“It was the jail on Karlovo Náměstí next to the Palace of Justice, literally in the centre of Prague. In his recollections he said that he simply walked out, greeted the guards and before they realised he was not their boss anymore but a prisoner, he was lost in the city.
“Again it is all because this is very early in the story. He was one of the first communists to be arrested. At that time it was those individuals that were labelled as enemies, who were being arrested. Therefore, I suspect that the lowest strata of officialdom were unsure about how to treat him and what to do with him.
“He escaped just before he was transferred to a safer location, because he understood what was happening. After all, this was a system he helped to build. I think his escape was successful exactly because he did not use any of the contacts that we as well as the secret police suspected he would use. He actually showed up at the flat of the director of the JDC and was flatly refused any help. But he used these underworld contacts to get himself out.”
At the time his wife had just given birth to his son. Is that correct? What happened to them?
“The wife committed suicide and the son was basically stolen, given a new identity and given to ministerial employees who could not have a son."
And he never saw his son again?
“He never saw him again. The son died in a freak accident. But the intelligence services kept hiding the fact that he was dead and played a game with Toman offering a fake son in exchange for money.”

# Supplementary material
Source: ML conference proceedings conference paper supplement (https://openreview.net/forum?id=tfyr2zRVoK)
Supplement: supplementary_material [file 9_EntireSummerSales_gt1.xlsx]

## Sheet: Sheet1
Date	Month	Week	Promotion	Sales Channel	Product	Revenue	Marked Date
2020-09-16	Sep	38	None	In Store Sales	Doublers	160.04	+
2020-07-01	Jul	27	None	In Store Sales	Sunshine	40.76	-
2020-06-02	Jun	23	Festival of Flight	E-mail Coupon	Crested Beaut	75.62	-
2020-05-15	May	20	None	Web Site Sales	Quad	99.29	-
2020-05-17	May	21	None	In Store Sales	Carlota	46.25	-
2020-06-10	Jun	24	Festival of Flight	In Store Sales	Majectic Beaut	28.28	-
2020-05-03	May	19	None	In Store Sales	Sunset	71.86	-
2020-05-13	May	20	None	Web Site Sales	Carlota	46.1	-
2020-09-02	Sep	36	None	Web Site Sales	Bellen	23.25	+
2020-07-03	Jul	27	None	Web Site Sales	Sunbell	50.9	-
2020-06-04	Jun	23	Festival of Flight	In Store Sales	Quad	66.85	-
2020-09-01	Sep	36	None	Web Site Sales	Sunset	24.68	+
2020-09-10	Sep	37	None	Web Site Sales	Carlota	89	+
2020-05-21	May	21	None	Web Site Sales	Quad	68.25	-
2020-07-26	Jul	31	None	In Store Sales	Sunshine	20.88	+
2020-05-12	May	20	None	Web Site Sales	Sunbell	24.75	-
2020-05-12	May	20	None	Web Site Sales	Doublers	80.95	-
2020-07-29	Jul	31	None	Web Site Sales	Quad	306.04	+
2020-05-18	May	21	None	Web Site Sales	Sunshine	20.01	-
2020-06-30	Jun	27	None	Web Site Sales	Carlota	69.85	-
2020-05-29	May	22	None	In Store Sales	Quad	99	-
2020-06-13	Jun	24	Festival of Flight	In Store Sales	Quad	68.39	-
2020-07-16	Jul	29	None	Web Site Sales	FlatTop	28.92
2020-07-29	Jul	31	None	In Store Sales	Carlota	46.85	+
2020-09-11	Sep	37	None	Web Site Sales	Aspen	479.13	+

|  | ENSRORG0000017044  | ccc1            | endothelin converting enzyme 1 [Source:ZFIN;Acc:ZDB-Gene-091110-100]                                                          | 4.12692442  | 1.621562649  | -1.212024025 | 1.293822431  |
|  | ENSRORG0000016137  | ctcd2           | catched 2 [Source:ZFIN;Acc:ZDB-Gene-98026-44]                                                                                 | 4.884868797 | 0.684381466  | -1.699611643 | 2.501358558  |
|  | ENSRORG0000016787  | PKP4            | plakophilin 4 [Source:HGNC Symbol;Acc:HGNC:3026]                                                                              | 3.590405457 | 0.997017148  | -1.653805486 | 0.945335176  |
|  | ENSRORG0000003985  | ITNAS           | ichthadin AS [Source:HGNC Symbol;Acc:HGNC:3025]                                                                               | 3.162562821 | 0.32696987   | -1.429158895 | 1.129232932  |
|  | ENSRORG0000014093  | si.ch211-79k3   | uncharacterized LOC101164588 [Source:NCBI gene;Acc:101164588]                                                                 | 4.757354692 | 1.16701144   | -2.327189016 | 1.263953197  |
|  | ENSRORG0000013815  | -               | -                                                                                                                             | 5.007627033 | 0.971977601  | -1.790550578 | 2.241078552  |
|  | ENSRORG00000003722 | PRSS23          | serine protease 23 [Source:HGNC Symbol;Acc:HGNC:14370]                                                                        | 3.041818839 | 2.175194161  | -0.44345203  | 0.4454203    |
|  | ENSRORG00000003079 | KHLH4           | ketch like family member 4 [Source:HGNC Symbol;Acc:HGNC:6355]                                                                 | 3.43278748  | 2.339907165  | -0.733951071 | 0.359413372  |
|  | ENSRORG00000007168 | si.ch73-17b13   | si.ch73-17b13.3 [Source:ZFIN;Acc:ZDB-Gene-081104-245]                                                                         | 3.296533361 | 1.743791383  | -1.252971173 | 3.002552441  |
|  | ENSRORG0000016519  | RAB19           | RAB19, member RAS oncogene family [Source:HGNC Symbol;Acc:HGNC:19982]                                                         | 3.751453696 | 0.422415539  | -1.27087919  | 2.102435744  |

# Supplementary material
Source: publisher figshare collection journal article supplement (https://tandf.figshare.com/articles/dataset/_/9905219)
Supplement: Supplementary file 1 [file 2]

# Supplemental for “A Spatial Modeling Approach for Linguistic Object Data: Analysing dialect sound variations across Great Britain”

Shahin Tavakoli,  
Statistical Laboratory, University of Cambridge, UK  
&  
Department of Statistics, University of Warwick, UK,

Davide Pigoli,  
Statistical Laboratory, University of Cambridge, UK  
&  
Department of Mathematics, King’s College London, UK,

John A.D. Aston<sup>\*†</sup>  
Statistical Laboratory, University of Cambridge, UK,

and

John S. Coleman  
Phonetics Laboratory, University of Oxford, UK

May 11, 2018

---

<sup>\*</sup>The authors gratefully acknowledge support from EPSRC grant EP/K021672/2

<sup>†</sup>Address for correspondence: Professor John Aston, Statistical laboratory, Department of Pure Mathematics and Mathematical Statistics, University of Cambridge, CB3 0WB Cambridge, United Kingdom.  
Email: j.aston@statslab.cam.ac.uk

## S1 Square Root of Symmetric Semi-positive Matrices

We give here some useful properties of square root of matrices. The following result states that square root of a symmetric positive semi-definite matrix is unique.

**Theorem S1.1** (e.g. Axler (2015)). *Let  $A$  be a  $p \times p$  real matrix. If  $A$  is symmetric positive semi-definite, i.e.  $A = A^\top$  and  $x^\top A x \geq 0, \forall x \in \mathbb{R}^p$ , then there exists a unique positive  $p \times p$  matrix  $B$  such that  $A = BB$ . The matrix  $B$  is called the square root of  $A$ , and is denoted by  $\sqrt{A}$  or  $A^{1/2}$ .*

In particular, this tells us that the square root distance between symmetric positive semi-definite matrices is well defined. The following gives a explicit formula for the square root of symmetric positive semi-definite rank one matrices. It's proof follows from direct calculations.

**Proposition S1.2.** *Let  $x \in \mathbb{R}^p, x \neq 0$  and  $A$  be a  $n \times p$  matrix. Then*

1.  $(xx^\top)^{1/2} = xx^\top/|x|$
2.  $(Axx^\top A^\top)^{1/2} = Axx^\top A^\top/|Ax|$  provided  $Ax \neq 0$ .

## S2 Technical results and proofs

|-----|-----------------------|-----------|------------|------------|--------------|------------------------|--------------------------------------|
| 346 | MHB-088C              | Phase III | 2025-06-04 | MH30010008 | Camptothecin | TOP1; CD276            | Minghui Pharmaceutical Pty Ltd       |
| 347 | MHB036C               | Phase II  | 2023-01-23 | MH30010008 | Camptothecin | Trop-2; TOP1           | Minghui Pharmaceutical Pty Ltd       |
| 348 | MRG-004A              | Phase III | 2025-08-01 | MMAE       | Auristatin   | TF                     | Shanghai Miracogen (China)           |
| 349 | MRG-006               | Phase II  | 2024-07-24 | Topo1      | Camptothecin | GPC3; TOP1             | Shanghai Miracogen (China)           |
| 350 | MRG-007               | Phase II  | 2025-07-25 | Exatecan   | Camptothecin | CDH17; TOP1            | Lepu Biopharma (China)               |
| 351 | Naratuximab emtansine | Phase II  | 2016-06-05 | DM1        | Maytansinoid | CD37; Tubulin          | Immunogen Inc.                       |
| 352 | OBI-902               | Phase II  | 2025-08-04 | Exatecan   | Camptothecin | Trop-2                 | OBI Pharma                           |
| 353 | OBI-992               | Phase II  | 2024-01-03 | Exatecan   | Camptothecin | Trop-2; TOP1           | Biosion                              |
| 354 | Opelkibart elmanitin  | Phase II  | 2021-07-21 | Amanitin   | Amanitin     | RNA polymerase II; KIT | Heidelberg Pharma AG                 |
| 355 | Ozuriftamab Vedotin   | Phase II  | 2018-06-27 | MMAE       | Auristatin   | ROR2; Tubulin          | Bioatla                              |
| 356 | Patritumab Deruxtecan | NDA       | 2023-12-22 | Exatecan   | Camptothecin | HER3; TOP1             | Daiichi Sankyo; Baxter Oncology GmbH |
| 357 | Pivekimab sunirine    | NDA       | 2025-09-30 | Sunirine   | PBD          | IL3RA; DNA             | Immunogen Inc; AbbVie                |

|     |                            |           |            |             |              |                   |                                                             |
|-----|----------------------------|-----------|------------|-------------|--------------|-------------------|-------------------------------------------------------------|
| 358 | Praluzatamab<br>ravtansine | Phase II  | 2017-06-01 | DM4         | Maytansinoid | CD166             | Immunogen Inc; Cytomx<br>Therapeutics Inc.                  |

What did Zdeněk Toman do once he escaped to the west?
“I am very sure he immediately offered his services to American intelligence. We know he was debriefed. That is where he claims to have given them the idea of bringing Slánský down. [Rudolf Slánský was the General Secretary of the Czechoslovak Communist Party who was later arrested and executed after a show trial.]
“The documents then have him appear in Paris, where he survived what he claimed to have been an assassination attempt and eventually went to Venezuela, where his few surviving family members, including his brother, lived. He started an import-export business called Gexim, became a very rich person and eventually retired to Santa Barbara with his new wife. But when he realised his son does not exist. That he will never find him. He donated quite a lot of money to the Ben-Gurion University in Israel. “
“I think that is exactly what he did. It was purely his own personal interest that he always had on his mind. He was an egomaniac and a kingpin of the underworld. He was not a Jewish fighter, nor a hero. He was a communist when it was useful to him. I believe that in the end he even stole money from the communist intelligence services after his escape. And I do not think that he ever thought about anybody else than just himself.
“I think throughout his whole life. Toman was trying to find his own identity. At first he was a poor boy from eastern Slovakia, an orthodox Jew that no one would take seriously. He came to Prague he became a student, probably he felt more at home among the Hungarians so he changed his name to Zoltán. He dropped his family name, he dropped his Jewish name. He kept coming up with new names and identities.
“I do not think that was just opportunism. I believe that he was sincerely looking for a place to belong into, but never found one. I think it is improper to call him a Jew. I even think it would not be right to call him a communist. But if I had to use any label, I would perhaps agree with that of Czechoslovak communist.”
Forgotten Czech net bag makes a comeback
Iconic Czech brands that survived competition from the West after the fall of communism
Czechs and Germans in 1930s Czechoslovakia: a complex picture
Cold War “king of Šumava” story brought to life in new film by Irish director
Unions: Strike Wednesday will hit most Czech schools